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Come As You Are: Harm Reduction in Recovery February 17, 2022 @ 1:15pm

It’s essential to address how harm reduction strategies can empower people to come to a place of recovery. People have to remain healthy and alive before they can make that decision for themselves, and that is very much the role of harm reduction work. We must not define what recovery is to someone using drugs as this is us imposing our moral judgement and our expectations of how one should live concerning substances.

Recovery is a personal, individual goal that may not always include complete abstinence. Yet every tiny step along the way should be recognized as positive change.

For some, it may be the cessation of using a particular drug that affects their quality of life while continuing to use others. Another example would be changing the route of administration (from injection to inhalation) which is less risky, far easier on the body and encourages people to make small, healthier choices regarding their drug use. These instances are not perfect but far more realistic than expecting abstinence from somebody whose life we do not live.

We also must consider the risk of relapse. Many people slip in and out of active use before finding what they believe recovery from a substance. It’s common to see people go through periods of not using, then fall back to using as a coping mechanism that has provided them with a sense of security in the past. Try not to focus on this as a failure but a time of (even brief) success.

By building upon and celebrating the seemingly small recovery steps made, a person begins to feel supported and empowered to continue. We know for sure that being faced with stigma and punitive attitudes does not help support people suffering from addiction. We sometimes hear that harm reduction work is enabling someone to use it, but it is quite the opposite. By providing education, support, new supplies, Naloxone kits, etc., we are demonstrating that people’s lives matter whether they are using or not. By building solid relationships based on trust and non-judgement with the people we work with, we can prepare them to take the following steps on their path to recovery.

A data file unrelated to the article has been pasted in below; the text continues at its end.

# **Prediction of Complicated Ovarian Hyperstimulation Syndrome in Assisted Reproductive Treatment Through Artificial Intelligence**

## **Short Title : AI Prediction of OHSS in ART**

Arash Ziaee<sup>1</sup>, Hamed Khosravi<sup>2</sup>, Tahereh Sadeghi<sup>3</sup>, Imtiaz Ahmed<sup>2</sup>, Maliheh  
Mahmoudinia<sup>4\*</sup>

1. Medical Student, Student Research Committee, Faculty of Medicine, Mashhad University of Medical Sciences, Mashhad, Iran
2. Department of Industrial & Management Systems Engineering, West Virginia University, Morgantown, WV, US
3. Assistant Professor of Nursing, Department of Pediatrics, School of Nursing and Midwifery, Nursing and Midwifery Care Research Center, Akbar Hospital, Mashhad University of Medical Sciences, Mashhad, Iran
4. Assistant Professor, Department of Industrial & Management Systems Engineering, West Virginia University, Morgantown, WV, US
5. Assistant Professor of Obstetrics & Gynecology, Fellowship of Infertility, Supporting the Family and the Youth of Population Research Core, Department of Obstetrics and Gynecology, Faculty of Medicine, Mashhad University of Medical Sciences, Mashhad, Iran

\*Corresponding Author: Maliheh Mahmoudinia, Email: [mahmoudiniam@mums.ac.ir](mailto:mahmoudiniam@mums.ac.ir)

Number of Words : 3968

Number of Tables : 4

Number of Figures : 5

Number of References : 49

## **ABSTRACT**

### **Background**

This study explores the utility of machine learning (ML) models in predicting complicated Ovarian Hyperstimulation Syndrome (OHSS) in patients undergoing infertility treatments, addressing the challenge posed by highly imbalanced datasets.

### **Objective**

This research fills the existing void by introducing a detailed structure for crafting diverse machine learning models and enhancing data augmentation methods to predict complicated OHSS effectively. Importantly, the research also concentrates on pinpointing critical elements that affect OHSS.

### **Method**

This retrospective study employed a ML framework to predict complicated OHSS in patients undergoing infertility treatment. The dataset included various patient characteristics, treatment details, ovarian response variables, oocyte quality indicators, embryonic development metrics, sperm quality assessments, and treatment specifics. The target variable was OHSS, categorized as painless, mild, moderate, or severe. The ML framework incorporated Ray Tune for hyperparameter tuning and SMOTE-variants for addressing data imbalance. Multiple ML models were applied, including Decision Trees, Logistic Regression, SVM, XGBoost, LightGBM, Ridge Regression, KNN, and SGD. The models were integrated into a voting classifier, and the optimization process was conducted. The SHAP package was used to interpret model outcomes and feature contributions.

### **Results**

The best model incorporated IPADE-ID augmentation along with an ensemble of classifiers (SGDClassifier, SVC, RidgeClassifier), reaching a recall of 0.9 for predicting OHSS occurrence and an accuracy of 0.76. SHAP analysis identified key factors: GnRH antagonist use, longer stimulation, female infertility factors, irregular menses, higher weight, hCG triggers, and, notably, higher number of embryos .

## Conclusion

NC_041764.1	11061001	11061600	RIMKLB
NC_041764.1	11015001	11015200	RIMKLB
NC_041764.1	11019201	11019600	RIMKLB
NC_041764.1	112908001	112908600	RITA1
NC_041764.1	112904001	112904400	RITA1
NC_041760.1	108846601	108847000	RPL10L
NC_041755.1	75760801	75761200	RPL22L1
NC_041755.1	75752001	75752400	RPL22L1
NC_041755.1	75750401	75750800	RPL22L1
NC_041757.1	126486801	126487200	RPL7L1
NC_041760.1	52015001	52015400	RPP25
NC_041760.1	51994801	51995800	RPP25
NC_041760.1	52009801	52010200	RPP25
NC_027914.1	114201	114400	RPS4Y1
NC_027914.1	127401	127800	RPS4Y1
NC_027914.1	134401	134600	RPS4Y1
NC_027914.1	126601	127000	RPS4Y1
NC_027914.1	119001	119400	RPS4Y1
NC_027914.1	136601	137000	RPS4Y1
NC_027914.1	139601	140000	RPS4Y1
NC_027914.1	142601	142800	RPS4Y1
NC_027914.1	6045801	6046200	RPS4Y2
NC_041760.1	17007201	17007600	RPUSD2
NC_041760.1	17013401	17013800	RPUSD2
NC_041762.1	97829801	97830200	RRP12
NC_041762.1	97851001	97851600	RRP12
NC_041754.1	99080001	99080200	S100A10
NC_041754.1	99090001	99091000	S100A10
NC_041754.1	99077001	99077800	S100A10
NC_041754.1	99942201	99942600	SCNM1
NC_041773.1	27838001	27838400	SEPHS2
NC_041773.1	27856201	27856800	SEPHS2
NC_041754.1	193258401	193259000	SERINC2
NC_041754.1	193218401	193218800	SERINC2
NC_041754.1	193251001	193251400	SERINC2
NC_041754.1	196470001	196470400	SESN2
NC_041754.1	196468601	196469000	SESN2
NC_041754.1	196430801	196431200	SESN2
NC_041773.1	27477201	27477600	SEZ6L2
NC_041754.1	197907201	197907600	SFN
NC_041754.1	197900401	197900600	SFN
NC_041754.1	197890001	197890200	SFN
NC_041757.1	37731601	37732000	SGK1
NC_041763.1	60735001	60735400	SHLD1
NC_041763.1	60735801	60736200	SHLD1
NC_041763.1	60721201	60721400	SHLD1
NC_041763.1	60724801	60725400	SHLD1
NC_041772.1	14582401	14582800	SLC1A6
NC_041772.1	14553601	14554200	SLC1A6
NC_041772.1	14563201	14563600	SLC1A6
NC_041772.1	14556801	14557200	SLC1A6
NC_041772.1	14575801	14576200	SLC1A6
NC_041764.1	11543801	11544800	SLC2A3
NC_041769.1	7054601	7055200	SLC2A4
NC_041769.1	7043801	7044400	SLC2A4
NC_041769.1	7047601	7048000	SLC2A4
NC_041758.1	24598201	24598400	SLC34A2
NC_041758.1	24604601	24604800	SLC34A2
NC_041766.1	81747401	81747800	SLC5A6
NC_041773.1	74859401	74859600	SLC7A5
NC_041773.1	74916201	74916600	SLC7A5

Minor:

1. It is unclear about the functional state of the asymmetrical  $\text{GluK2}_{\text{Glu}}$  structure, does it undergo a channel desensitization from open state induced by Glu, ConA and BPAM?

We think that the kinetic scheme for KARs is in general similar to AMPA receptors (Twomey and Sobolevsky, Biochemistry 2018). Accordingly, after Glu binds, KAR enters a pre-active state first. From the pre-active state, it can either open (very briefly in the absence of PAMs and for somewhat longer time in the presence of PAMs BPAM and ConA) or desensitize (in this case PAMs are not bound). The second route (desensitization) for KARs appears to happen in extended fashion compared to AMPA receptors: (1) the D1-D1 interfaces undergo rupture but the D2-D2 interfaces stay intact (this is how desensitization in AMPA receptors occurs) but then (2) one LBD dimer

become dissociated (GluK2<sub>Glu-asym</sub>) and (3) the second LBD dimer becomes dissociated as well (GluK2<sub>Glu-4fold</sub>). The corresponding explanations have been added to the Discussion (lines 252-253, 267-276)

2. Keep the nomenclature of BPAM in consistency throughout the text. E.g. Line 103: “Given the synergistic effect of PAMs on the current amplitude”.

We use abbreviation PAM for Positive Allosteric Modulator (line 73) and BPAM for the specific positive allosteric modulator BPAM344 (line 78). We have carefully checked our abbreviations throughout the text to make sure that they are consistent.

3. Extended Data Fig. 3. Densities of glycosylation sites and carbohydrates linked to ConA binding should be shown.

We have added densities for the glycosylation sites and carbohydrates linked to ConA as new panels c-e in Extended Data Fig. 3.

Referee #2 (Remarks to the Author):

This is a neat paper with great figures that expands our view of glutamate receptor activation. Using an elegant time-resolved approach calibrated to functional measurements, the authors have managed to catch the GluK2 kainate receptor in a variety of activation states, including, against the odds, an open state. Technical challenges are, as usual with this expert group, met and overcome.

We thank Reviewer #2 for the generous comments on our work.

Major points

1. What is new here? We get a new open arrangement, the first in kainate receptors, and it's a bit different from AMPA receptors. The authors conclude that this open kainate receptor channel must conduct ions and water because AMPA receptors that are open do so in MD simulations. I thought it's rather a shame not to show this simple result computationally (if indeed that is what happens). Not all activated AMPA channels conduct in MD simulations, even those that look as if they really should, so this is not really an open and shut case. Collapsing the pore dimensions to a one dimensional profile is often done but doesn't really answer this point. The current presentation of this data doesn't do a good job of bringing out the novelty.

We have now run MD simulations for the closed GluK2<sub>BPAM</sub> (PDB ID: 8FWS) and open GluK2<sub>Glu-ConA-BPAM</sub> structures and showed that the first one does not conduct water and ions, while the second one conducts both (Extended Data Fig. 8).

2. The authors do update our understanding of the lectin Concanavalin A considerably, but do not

Turning Point is willing and able to connect people to various resources, including counselling, detox, opioid replacement therapy, residential treatment, peer support, groups and other supports. Our outreach staff can advocate for people attempting to access these services, as it can be challenging to navigate these systems alone. Please reach out to us if you are considering treatment or need recovery support.

Jenn McCrindle, Rural Outreach

Turning Point


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